There are many reasons why governments, activists, scientists and other actors from very different fields have thrown their support behind the cultivated meat industry. From animal welfare and food safety to growing global demand for sustainable meat sources, here are some of the benefits supporters see in this burgeoning industry.

Benefits of Cultivated Meat

Animal Welfare

Perhaps the most obvious benefit of cultivated meat is the promise this industry holds to save millions, perhaps billions of animals every year. In fact, animal welfare organizations, like PETA, have been important cultivated meat supporters since the industry's earliest days. 


Beyond saving animals from harmful on-farm practices and eventually slaughter, the industry also holds the potential to significantly slash livestock land use, water use, and reduce direct greenhouse gas emissions from food production.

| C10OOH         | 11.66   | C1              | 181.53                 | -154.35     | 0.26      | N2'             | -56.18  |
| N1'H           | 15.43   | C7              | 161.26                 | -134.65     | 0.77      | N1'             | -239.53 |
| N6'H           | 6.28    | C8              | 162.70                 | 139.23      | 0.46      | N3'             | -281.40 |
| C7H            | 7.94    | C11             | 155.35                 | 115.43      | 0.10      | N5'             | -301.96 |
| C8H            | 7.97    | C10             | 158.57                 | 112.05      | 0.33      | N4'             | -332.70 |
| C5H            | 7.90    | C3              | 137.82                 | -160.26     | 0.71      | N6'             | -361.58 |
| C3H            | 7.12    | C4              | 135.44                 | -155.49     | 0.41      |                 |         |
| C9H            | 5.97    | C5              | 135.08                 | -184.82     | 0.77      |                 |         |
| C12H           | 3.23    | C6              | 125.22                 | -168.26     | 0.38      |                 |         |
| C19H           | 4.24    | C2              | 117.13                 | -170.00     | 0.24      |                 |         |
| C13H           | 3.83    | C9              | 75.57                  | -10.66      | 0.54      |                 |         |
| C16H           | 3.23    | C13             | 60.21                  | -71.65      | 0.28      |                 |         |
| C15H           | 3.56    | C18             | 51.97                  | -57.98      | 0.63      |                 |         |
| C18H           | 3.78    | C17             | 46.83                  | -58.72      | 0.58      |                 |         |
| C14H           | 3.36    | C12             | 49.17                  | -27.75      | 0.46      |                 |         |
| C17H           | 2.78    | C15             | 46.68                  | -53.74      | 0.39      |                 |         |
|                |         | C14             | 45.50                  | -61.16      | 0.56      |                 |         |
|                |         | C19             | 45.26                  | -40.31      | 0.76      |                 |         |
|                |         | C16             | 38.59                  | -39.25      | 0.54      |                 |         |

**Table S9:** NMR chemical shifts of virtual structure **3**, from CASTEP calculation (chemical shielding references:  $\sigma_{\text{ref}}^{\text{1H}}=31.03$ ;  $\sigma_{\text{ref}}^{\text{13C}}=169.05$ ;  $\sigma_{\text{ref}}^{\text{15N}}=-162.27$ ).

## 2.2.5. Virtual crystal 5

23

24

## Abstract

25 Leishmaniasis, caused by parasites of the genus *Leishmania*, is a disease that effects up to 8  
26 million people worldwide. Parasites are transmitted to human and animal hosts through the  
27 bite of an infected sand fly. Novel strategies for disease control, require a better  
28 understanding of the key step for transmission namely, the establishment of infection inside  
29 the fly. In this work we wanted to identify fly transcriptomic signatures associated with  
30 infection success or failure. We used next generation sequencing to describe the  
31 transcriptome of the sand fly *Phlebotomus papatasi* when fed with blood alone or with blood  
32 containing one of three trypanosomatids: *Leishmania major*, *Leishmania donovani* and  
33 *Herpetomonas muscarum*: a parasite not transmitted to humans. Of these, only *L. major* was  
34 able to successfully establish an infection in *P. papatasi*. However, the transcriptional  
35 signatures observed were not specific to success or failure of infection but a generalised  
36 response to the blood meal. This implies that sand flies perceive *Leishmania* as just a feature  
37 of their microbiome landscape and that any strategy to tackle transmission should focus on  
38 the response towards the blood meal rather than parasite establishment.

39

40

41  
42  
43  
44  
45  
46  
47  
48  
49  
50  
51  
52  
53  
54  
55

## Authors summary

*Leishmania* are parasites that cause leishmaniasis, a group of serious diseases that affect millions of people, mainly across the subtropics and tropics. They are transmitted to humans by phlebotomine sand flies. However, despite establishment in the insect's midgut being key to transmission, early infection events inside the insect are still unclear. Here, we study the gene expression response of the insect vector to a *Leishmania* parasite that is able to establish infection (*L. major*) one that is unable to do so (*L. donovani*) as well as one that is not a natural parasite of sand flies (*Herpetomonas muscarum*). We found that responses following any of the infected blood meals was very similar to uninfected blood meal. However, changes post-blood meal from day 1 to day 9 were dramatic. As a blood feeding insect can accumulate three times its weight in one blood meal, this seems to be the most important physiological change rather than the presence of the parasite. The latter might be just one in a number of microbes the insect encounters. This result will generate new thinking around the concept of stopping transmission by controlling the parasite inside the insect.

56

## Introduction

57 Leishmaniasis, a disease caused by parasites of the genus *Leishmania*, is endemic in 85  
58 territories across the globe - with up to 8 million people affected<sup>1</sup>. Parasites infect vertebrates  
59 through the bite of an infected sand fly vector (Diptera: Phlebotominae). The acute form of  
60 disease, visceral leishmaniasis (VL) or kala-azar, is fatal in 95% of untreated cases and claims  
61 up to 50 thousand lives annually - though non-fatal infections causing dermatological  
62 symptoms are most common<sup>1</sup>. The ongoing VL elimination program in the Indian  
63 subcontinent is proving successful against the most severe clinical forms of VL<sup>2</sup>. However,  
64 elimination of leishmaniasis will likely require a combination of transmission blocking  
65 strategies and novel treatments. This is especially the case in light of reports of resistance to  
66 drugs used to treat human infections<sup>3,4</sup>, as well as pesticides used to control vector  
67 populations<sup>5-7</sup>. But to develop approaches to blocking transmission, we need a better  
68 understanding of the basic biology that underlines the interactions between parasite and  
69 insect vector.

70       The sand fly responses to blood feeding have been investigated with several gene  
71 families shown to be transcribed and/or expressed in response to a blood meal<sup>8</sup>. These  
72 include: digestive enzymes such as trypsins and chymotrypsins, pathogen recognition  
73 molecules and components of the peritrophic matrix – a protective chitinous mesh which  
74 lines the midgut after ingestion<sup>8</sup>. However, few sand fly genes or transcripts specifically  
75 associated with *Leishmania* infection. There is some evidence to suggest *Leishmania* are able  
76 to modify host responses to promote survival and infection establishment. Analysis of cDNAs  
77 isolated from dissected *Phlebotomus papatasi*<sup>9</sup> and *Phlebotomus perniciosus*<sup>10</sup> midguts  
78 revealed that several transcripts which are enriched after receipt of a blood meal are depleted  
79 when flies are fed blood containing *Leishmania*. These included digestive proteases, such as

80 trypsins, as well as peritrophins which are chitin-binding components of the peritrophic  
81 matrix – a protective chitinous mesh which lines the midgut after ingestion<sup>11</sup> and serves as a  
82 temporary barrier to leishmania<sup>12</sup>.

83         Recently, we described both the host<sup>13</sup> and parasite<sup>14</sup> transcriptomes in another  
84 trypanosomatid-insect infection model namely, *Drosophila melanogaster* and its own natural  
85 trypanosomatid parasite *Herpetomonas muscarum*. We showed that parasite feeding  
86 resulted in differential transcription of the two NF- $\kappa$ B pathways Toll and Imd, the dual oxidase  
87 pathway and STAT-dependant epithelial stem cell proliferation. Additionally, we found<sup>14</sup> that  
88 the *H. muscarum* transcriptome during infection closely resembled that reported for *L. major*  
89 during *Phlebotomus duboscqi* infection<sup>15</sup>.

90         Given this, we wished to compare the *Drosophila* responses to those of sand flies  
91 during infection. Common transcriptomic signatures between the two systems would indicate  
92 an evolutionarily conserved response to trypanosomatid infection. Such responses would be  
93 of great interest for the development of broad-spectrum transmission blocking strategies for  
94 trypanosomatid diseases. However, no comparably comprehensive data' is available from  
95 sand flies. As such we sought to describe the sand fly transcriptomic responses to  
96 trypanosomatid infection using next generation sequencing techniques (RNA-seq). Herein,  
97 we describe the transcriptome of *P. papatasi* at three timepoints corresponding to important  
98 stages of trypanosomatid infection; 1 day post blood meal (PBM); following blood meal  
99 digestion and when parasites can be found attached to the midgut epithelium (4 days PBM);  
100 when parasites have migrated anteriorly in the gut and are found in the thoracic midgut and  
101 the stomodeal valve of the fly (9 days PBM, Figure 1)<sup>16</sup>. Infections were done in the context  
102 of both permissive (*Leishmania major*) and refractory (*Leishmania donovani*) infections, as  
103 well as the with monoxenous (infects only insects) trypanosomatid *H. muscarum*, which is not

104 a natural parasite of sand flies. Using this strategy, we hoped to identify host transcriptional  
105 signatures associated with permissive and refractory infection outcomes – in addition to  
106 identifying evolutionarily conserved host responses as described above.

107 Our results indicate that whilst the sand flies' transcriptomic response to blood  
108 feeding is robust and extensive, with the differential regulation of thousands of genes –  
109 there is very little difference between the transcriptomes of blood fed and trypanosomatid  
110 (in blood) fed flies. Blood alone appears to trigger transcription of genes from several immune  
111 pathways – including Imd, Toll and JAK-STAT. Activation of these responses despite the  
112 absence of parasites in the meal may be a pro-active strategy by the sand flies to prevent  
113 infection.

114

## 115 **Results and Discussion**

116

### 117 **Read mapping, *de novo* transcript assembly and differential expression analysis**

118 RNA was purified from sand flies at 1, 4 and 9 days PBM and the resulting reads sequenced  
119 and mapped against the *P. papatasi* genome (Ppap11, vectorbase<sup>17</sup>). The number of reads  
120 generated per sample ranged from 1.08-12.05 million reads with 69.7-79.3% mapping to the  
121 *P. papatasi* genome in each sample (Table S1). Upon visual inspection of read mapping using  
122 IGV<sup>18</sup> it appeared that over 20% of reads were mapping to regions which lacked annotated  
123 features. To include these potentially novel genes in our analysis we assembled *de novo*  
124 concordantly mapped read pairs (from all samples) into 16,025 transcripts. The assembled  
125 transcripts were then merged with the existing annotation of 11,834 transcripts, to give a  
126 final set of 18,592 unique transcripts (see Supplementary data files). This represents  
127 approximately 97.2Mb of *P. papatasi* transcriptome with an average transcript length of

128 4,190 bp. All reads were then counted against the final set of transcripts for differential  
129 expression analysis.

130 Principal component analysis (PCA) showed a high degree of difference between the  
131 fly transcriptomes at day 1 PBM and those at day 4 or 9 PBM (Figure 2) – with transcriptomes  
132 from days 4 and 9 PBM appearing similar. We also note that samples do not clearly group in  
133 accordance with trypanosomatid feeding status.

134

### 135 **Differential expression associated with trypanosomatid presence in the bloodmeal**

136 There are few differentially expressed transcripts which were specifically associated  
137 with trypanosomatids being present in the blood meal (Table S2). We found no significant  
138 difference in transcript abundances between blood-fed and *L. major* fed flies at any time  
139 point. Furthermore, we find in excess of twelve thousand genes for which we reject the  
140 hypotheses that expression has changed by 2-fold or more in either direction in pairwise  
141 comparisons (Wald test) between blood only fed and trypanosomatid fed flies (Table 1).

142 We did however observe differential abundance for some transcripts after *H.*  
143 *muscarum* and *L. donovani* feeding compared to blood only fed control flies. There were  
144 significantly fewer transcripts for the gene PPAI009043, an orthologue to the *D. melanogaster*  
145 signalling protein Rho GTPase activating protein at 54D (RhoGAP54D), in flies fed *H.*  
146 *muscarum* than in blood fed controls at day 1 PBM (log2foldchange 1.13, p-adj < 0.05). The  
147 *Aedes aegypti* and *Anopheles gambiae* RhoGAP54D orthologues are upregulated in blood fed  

The lab-grown meat process simply does not require the same level of land, energy or water used to raise, feed, and transport animals in the production of conventional meat. 

Meeting Growing Global Food Demand

The world is not currently on track to meet growing global demand for meat. As the population grows, the cultivated meat industry offers a sustainable way of feeding a growing global population.

Health and Safety

Experts also believe that cultivated meat has the potential to be a safer alternative to traditional meat because it's produced entirely in a controlled environment, which reduces the risk of contamination from bacteria and other pathogens present in live animals. 

Writing the Next Chapter 

For all of these benefits to come to fruition, the cultivated meat industry must successfully scale. With companies around the globe on the cusp of commercialization, we are closer than ever to realizing our vision of a world in which meat is abundantly available — but not at the expense of animals or the health of our planet.